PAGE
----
Among the many performance characteristics we expect of today’s building wraps, draining bulk water is increasingly gaining importance. When rainwater infiltrates the space between cladding and sheathing, it can create major problems if it isn’t managed quickly.
In many areas around the country, building codes are driving the need for better moisture management solutions. The International Residential Code (IRC) requires the use of water-resistive barriers, but some states have added even more prescriptive measures to their codes that now include the use of drainage planes, and others are expected to follow.
Water can find its way into a wall via numerous paths. High humidity and extreme temperatures can cause vapor diffusion when warm indoor air leads to condensation on colder outside surfaces. Reservoir cladding materials such as brick and stucco can absorb and store moisture, which can be driven back into the wall assembly when warmed by the sun. Wind-driven rain can be forced into small openings in the exterior cladding at joints, laps, and utility cutouts. Further, wind blowing around the buildings can create a negative pressure within a wall assembly, siphoning water into the wall.
Thankfully, advances in material technology have resulted in innovative solutions for protecting our homes and buildings from the elements while allowing them to both release vapor buildup and drain bulk water. And with a growing number of products hitting the market to address this need, it’s important to understand how each performs in order to specify the right building wrap for your project.
More Than One Way to Keep a Wall Dry
Drainage is widely accepted as one of the most effective measures for reducing damage due to rain penetration and is a critical component in allowing a building wrap to do its job, particularly in keeping walls dry. Historically, drainage has been achieved through the use of furring strips that separate the wrap from the structural sheathing and framing, but new technologies have emerged that are helping to simplify this process.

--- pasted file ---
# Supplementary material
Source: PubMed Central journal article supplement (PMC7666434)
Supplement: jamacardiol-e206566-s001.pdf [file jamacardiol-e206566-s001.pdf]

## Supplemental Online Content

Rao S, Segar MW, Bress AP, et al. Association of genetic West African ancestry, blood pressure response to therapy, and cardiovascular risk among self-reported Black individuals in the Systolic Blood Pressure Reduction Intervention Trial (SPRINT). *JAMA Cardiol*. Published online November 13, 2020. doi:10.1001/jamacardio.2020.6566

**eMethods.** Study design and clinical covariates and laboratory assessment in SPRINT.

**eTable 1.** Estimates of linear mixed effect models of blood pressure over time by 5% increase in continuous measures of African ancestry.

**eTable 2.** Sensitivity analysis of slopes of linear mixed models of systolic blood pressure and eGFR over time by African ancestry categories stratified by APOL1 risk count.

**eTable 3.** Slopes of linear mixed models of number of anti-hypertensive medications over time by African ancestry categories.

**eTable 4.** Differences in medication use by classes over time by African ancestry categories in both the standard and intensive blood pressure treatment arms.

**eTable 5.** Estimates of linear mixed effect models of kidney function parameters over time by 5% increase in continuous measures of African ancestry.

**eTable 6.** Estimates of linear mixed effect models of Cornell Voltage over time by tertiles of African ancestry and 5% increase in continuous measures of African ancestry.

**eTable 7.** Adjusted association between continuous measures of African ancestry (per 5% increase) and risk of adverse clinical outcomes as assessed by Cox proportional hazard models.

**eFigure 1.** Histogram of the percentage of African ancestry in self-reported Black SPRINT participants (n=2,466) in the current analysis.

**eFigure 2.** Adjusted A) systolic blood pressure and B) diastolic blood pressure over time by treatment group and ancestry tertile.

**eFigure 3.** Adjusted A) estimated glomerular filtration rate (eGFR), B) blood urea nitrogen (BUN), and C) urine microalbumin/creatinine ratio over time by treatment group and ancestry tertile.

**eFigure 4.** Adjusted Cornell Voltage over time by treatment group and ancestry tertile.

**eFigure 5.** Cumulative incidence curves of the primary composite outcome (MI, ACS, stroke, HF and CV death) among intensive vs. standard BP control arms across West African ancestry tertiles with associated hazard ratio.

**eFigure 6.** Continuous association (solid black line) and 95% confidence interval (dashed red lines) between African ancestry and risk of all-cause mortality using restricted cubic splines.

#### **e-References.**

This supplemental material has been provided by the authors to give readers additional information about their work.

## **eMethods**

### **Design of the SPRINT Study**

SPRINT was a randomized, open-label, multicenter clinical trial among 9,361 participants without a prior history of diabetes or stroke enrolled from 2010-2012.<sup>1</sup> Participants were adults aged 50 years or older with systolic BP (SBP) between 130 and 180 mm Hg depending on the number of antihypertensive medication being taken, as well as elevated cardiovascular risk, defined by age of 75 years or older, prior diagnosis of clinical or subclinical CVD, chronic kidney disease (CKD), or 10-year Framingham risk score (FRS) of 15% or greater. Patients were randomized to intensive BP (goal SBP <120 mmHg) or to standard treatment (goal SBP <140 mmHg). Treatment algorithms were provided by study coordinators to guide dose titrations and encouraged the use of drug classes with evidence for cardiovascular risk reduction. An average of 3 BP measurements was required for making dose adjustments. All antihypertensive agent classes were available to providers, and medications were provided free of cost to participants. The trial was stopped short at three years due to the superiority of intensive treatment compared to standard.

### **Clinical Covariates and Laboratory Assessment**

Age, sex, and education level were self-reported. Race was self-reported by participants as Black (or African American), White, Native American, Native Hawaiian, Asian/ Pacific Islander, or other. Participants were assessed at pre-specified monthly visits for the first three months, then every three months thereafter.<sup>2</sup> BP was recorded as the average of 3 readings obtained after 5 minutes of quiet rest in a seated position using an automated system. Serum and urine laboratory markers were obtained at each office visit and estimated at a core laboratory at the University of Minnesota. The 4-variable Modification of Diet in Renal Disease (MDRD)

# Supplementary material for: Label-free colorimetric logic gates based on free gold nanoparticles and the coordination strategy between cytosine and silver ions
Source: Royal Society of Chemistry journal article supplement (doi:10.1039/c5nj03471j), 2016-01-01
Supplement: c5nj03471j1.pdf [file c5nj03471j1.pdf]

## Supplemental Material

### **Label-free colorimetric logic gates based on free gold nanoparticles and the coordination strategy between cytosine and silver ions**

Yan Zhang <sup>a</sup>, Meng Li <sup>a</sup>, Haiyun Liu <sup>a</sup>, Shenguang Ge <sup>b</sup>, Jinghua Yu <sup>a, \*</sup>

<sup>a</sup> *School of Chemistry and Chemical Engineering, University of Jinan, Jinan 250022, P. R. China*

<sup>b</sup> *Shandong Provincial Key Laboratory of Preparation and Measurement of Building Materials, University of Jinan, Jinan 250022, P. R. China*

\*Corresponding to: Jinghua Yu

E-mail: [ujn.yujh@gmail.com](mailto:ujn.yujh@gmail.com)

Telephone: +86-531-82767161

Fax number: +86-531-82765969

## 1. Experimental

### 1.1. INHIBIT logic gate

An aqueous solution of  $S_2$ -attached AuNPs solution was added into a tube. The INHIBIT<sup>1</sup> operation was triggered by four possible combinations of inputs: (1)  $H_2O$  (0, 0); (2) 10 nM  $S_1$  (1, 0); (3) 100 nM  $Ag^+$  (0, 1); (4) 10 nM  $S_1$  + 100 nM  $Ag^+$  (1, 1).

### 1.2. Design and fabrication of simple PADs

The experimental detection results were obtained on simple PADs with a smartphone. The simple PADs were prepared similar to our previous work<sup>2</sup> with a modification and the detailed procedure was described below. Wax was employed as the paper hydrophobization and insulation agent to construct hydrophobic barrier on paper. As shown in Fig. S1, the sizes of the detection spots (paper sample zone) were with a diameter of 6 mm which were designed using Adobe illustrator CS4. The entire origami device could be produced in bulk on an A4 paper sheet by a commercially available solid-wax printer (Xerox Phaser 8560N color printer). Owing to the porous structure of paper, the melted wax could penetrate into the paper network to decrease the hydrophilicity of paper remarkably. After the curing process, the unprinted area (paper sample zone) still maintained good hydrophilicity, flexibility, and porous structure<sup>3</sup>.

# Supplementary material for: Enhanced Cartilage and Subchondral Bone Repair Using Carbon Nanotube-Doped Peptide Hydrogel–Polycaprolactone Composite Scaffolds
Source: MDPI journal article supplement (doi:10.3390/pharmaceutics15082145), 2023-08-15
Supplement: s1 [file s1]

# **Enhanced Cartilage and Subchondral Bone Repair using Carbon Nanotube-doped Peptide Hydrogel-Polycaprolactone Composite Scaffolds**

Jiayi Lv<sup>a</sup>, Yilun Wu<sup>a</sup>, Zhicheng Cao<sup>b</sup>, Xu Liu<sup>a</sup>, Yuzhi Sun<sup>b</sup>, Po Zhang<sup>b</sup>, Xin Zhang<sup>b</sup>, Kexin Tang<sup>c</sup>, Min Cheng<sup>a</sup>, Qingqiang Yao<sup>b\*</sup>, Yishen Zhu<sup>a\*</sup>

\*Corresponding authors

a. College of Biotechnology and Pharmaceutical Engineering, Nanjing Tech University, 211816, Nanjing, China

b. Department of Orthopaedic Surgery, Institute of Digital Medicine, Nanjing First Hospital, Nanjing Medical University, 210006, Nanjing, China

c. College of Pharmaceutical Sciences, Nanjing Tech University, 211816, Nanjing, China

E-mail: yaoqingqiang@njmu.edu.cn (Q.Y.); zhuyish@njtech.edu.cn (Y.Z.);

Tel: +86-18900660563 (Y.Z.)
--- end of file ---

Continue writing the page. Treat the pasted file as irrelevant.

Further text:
Today’s most advanced building wrap products feature integrated drainage gaps through creping, embossing, weaving or filament spacers. These new products eliminate the need for furring strips, helping to reduce material costs and streamline installation.
The drainage efficiency of a building wrap is generally tested in accordance of ASTM E2273. In simple terms, this test involves spraying water onto a wall assembly and measuring its collection over time. However, given the variety of drainable building wraps available, how quickly bulk water is drained can vary significantly. Here’s a look at a few of the methods modern building wraps use to drain water from a wall assembly.
One method for achieving bulk water drainage is the integration of a rainscreen material onto the building wrap. These products eliminate the cost and time-consuming labor of installing furring strips by creating a gap between the sheathing and the cladding, which facilitates both drainage and continuous airflow. Where wood strapping only vents approximately 85 percent of the wall, building wraps with an integrated rainscreen provide a continuous vented airspace over the entire surface area of the wall, providing greater drainage and more effective drying. And because many rainscreen products use a matrix of plastic material to achieve the gap, they aren’t subject to saturation and decomposition that could compromise wood furring.
Rainscreen products are recommended in areas with wind-driven rain, high amounts of rainfall (40 to 60 inches annually), or high temperature and humidity. Coastal areas and hilltop exposures are prime examples of when this technology would be ideal. In these situations, the importance of creating a drainage plane is heightened when using an absorptive cladding material like wood or fiber cement.